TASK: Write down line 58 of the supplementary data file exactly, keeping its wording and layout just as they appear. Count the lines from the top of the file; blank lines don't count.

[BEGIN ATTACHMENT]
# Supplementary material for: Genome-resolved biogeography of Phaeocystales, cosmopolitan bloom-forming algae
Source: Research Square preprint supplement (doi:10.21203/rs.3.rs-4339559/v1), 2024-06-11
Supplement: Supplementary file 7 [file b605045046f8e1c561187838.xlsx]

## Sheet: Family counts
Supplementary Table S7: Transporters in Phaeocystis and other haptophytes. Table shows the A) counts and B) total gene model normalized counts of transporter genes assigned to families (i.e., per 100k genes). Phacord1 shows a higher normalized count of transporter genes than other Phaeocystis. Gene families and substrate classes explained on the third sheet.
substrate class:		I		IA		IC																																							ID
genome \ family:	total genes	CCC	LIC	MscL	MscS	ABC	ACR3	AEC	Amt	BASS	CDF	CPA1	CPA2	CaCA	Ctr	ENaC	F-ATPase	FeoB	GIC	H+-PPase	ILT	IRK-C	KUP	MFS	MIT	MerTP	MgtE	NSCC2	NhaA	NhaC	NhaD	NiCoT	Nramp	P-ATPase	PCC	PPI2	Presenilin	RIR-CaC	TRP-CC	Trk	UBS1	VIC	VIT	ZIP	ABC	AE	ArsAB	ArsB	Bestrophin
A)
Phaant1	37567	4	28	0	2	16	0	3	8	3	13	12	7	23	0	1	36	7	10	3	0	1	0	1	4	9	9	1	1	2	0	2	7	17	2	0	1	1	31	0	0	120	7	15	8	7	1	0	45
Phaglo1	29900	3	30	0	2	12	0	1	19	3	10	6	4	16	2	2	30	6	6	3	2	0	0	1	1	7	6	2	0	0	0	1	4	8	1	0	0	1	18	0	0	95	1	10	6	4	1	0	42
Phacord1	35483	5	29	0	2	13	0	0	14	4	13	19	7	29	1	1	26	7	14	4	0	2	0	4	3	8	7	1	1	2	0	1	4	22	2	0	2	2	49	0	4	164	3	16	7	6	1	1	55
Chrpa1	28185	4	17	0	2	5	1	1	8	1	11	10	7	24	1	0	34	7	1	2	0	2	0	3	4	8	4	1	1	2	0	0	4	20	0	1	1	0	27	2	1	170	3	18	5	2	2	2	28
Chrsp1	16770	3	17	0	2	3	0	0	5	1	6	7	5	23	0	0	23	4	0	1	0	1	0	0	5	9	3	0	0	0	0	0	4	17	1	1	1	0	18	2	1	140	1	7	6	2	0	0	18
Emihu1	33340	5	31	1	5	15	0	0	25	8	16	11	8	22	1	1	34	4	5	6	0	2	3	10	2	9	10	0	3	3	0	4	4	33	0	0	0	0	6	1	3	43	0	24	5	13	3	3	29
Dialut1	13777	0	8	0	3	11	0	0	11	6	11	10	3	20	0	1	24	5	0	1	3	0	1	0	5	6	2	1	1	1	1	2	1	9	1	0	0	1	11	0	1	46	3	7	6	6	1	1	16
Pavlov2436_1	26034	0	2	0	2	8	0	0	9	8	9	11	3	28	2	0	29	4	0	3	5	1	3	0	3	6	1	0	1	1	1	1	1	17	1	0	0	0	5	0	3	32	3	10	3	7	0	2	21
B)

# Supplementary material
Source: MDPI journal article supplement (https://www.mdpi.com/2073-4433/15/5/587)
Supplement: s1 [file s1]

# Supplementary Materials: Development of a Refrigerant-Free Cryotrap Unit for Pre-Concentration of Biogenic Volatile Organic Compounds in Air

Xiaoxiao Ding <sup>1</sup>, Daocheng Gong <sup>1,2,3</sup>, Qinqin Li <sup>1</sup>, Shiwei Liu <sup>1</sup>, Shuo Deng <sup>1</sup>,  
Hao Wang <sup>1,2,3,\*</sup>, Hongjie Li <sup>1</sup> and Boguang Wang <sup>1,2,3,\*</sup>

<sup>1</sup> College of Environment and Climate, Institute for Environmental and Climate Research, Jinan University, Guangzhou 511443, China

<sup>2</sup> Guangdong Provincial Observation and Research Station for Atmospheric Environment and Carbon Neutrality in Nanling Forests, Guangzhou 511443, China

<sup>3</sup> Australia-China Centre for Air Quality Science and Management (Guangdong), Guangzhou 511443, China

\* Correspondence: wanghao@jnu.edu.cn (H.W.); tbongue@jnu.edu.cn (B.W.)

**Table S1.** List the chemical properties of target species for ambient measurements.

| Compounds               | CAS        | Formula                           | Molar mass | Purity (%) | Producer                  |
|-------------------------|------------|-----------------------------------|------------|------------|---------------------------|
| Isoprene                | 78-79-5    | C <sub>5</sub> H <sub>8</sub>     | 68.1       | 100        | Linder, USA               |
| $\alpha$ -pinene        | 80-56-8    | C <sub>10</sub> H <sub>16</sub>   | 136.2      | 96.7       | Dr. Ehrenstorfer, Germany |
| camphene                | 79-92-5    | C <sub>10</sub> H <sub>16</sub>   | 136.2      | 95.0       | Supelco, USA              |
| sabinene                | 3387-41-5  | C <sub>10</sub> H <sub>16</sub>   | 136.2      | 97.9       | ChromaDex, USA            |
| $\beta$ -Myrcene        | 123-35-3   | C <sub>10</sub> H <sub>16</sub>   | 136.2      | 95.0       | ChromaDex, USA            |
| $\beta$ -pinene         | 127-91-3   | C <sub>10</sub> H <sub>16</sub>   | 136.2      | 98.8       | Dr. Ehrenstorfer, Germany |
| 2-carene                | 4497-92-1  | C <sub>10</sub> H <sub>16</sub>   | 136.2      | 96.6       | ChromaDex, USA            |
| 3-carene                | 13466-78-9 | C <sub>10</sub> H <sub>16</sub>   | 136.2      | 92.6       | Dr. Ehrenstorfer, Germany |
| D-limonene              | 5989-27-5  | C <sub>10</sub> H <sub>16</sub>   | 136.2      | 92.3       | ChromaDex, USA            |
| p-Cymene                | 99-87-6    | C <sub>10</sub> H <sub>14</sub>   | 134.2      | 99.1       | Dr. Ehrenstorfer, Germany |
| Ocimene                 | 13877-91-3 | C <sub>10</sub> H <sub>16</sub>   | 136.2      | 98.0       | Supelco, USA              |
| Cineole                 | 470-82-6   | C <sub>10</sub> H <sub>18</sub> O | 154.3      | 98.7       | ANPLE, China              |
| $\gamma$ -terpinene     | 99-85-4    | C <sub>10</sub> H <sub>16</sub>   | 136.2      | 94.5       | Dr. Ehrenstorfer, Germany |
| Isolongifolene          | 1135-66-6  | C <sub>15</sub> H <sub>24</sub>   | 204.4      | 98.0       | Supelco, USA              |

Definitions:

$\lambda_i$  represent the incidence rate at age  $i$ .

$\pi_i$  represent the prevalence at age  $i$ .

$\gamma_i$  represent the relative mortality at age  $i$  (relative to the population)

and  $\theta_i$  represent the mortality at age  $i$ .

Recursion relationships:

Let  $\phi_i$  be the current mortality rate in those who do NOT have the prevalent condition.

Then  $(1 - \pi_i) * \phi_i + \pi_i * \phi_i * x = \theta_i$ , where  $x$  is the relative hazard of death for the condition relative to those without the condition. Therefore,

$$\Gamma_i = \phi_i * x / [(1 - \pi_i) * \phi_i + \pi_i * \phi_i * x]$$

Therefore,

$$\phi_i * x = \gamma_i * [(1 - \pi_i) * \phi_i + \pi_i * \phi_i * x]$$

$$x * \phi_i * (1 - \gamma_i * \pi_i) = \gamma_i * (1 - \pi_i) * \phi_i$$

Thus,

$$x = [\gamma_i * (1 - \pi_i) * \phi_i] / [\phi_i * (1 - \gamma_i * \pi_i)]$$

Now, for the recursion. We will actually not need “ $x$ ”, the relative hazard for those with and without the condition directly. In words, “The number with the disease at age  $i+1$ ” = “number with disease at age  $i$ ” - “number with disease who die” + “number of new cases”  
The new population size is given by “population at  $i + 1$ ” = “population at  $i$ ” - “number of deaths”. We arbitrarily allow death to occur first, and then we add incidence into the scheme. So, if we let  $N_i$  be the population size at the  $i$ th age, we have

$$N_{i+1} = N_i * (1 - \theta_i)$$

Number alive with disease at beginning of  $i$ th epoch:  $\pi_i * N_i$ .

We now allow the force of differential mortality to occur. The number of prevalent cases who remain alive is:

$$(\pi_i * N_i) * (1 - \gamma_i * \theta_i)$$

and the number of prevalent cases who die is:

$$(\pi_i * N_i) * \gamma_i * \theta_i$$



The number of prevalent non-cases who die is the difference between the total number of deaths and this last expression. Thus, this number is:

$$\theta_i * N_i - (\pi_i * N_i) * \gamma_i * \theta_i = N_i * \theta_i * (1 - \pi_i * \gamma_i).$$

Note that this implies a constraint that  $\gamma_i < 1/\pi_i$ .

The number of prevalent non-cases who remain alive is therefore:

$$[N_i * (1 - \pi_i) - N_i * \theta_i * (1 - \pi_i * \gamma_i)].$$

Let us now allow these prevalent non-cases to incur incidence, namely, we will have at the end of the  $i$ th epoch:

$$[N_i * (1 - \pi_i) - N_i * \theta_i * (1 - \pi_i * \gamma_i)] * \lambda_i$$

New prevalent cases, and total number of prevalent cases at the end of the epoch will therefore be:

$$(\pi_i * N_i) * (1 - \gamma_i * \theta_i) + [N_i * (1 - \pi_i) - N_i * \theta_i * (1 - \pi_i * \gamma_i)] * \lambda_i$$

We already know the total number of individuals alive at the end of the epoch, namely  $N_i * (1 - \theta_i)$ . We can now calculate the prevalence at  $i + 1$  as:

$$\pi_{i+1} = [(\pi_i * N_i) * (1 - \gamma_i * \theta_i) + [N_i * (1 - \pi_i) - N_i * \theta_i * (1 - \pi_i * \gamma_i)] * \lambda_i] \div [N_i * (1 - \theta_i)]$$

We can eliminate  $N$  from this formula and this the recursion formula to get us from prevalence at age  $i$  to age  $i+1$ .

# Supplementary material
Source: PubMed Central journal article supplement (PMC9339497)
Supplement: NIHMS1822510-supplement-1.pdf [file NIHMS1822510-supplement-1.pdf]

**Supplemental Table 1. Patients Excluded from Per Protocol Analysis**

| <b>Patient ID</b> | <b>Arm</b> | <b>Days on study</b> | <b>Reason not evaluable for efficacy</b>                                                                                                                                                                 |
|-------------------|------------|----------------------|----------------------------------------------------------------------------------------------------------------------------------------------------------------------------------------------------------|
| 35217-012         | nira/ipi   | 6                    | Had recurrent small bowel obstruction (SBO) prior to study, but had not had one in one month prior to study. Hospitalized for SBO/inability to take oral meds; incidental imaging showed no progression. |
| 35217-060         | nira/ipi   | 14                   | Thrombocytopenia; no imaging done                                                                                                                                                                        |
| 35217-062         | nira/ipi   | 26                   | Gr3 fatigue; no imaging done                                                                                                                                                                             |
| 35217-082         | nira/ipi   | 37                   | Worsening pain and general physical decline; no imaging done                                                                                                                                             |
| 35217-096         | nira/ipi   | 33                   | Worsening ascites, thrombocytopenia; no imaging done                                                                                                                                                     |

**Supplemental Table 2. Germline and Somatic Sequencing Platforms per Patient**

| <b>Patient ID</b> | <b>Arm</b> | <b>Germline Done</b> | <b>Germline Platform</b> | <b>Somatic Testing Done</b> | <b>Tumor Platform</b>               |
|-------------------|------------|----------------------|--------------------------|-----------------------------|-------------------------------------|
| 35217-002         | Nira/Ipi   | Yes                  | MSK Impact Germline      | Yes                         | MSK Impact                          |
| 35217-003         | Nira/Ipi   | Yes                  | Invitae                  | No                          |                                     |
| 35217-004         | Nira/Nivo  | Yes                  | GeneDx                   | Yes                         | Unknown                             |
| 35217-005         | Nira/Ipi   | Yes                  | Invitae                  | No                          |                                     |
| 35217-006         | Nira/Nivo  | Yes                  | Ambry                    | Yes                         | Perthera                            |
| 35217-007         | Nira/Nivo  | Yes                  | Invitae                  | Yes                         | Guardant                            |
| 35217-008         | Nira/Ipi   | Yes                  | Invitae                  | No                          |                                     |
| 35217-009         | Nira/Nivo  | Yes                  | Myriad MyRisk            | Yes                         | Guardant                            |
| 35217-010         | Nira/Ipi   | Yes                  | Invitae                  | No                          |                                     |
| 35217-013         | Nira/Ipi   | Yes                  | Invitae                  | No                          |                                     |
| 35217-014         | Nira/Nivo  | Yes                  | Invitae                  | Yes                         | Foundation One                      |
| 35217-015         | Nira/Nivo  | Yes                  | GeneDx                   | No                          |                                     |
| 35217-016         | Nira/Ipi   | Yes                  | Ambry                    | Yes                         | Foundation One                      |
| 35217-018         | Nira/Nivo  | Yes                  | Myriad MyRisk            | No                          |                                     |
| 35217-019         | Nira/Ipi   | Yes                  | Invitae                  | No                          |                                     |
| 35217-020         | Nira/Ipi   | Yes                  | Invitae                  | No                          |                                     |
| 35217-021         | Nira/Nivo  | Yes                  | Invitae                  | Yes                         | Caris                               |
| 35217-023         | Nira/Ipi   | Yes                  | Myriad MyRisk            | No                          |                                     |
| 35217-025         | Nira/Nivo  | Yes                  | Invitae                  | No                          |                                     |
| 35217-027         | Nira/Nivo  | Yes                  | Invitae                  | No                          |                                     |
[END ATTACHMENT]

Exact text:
$$x = [\gamma_i * (1 - \pi_i) * \phi_i] / [\phi_i * (1 - \gamma_i * \pi_i)]$$